Many everyday users of the World Wide Web have stumbled across a website capable of taking their IP address and telling them the city they live in. So, to some extent, it has seeped into the popular consciousness that one could locate an individual based on their unique address. But, until now, this mapping of the cyber to the physical world has been of little consequence unless you are worried about stalkers or law enforcement. The worst consequence a hacker could met out is the loss of your data, the unresurrectable death of your computer, the theft of your identity or the denial of a cyber-space service that you depend on. While admittedly these are consequences that one would vigilantly seek to avoid, the threats at the cyber/location nexus make these look mild.
Lets look at the world once it sets firmly at the cyber/location nexus—from the perspective of a nefarious actor. The cyber domain will have evolved into a medium through which bad actors can reach every IP-enabled resource (which at this point would be virtually everything that matters) within any particular geography, with precision geopositioning, and choose to either exploit, manipulate or destroy each individual or class of resource. Such foes will in effect have the ability to harness the functional power of this convergence, the convergence of IP- and Geo-enablement, against anyone at a time and place of their choosing.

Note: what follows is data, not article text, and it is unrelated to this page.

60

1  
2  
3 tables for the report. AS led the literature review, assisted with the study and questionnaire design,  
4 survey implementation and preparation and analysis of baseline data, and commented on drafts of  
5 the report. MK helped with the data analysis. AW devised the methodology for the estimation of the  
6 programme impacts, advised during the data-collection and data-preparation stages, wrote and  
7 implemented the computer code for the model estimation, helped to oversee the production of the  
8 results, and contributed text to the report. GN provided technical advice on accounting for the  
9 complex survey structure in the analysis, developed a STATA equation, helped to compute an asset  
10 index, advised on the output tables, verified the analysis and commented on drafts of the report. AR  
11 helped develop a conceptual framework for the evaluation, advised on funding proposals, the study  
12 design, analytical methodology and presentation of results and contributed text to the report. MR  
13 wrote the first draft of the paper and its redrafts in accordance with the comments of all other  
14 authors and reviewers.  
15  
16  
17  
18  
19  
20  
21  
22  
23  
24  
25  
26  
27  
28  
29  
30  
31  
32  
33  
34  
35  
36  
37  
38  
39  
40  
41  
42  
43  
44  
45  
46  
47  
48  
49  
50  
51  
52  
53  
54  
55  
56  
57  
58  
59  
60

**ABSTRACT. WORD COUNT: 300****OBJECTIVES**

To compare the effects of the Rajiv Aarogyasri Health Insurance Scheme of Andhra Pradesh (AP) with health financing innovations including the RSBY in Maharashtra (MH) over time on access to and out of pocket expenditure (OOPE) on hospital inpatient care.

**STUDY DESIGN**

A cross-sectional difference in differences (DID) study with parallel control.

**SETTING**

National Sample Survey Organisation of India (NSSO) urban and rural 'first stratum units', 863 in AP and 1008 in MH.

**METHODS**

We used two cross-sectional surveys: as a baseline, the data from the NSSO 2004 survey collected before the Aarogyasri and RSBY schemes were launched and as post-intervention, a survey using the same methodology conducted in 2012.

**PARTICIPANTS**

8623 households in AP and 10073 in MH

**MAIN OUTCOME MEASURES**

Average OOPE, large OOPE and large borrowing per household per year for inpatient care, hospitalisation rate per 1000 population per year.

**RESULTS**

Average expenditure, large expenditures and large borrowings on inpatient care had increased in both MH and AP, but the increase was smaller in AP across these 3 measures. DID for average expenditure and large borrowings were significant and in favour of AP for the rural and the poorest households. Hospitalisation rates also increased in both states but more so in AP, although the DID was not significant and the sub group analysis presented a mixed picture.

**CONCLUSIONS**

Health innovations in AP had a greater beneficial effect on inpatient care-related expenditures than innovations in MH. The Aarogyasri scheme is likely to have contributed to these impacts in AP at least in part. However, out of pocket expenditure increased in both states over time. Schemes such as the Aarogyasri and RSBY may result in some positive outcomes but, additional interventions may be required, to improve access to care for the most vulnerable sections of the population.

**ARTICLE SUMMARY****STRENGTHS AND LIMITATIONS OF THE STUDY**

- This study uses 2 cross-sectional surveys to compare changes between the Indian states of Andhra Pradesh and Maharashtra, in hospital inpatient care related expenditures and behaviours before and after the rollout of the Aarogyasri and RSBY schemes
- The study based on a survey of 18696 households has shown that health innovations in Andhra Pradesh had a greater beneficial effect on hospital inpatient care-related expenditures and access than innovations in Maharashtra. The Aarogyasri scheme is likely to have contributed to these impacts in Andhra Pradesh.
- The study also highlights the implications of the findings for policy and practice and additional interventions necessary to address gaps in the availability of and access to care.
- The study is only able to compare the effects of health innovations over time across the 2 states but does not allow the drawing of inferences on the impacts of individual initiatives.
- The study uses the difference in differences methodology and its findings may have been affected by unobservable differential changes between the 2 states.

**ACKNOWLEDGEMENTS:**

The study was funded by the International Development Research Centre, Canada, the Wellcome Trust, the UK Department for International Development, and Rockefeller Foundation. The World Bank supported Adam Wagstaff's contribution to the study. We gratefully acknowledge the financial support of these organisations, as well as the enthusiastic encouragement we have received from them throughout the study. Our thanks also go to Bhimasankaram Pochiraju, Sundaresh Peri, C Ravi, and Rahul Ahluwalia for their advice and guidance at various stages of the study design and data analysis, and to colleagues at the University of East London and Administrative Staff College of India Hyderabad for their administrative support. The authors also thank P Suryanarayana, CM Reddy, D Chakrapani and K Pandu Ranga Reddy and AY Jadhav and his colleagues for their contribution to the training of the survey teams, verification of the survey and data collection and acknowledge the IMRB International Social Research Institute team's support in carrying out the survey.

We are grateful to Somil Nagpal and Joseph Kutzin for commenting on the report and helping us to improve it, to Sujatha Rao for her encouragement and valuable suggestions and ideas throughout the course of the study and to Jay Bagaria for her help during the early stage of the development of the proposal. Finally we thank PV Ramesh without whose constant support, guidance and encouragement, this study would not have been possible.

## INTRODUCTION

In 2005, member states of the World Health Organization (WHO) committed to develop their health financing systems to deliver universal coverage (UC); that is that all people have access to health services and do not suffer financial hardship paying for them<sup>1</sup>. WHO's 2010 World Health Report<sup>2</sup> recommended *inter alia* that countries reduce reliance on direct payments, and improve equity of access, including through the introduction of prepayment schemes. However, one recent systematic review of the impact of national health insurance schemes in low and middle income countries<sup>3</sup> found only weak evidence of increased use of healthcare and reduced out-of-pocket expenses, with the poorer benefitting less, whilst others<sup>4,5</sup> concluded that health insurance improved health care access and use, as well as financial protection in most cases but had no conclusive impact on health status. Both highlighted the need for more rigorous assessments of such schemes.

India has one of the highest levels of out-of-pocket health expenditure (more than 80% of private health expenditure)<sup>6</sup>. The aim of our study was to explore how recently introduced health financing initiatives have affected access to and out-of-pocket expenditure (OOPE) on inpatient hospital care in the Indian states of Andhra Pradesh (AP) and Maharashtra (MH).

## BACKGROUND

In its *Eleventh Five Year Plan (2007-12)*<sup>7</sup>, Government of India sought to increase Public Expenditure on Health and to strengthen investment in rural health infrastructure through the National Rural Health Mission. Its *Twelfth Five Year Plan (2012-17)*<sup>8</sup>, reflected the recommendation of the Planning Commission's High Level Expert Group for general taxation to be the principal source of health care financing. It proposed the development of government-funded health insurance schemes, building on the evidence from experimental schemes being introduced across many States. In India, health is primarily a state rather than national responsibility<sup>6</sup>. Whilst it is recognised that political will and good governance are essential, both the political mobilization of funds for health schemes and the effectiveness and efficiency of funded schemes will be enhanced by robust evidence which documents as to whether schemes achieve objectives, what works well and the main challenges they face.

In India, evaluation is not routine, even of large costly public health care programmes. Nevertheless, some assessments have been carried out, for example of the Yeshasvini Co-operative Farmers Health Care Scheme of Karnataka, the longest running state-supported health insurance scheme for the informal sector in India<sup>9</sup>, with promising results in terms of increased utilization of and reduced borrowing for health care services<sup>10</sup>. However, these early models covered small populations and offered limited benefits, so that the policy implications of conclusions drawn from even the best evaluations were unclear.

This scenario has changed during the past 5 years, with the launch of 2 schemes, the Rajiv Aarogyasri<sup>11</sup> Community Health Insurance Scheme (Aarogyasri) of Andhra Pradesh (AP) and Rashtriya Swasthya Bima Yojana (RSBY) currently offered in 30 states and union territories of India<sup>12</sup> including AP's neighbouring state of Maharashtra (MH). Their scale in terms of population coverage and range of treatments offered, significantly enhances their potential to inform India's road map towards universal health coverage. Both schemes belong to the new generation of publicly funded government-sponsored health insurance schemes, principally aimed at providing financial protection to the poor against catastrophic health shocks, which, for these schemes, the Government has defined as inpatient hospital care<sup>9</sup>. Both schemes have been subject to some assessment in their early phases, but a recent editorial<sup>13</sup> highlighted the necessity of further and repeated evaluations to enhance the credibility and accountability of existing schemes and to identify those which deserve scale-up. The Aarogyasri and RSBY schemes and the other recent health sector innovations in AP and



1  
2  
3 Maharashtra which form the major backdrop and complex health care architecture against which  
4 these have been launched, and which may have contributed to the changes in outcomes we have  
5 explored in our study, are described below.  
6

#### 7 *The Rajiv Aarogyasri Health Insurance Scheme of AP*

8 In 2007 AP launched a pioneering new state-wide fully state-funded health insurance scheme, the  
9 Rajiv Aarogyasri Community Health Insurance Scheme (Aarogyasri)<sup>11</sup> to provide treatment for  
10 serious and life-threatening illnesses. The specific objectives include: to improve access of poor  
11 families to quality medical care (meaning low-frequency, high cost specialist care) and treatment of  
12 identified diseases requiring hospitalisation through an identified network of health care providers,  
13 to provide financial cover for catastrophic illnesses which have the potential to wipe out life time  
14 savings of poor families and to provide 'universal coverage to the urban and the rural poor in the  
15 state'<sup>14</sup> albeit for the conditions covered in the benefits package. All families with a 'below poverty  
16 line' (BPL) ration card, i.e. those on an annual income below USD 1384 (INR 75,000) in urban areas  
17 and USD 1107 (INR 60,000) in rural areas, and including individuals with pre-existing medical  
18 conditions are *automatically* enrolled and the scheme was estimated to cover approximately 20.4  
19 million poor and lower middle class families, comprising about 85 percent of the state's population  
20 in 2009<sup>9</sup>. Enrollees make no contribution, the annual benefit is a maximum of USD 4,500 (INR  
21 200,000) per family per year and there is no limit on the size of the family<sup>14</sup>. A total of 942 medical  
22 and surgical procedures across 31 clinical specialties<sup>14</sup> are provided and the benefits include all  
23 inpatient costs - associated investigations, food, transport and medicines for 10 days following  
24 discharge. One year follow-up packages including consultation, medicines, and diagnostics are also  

Just imagine being able to exfiltrate, undermine, alter or end all networked computing within any arbitrarily small or large geography, at any moment in time, for any period of time, particularly during moments at which vital interests are at stake. In a national security context, one might term this “denial of mission.” But with such a rich context to hack, imaginations could reel in the definition of a nomenclature for all of the opprobrious acts bad actors could then perpetrate against commercial and non-commercial activities in the private sphere.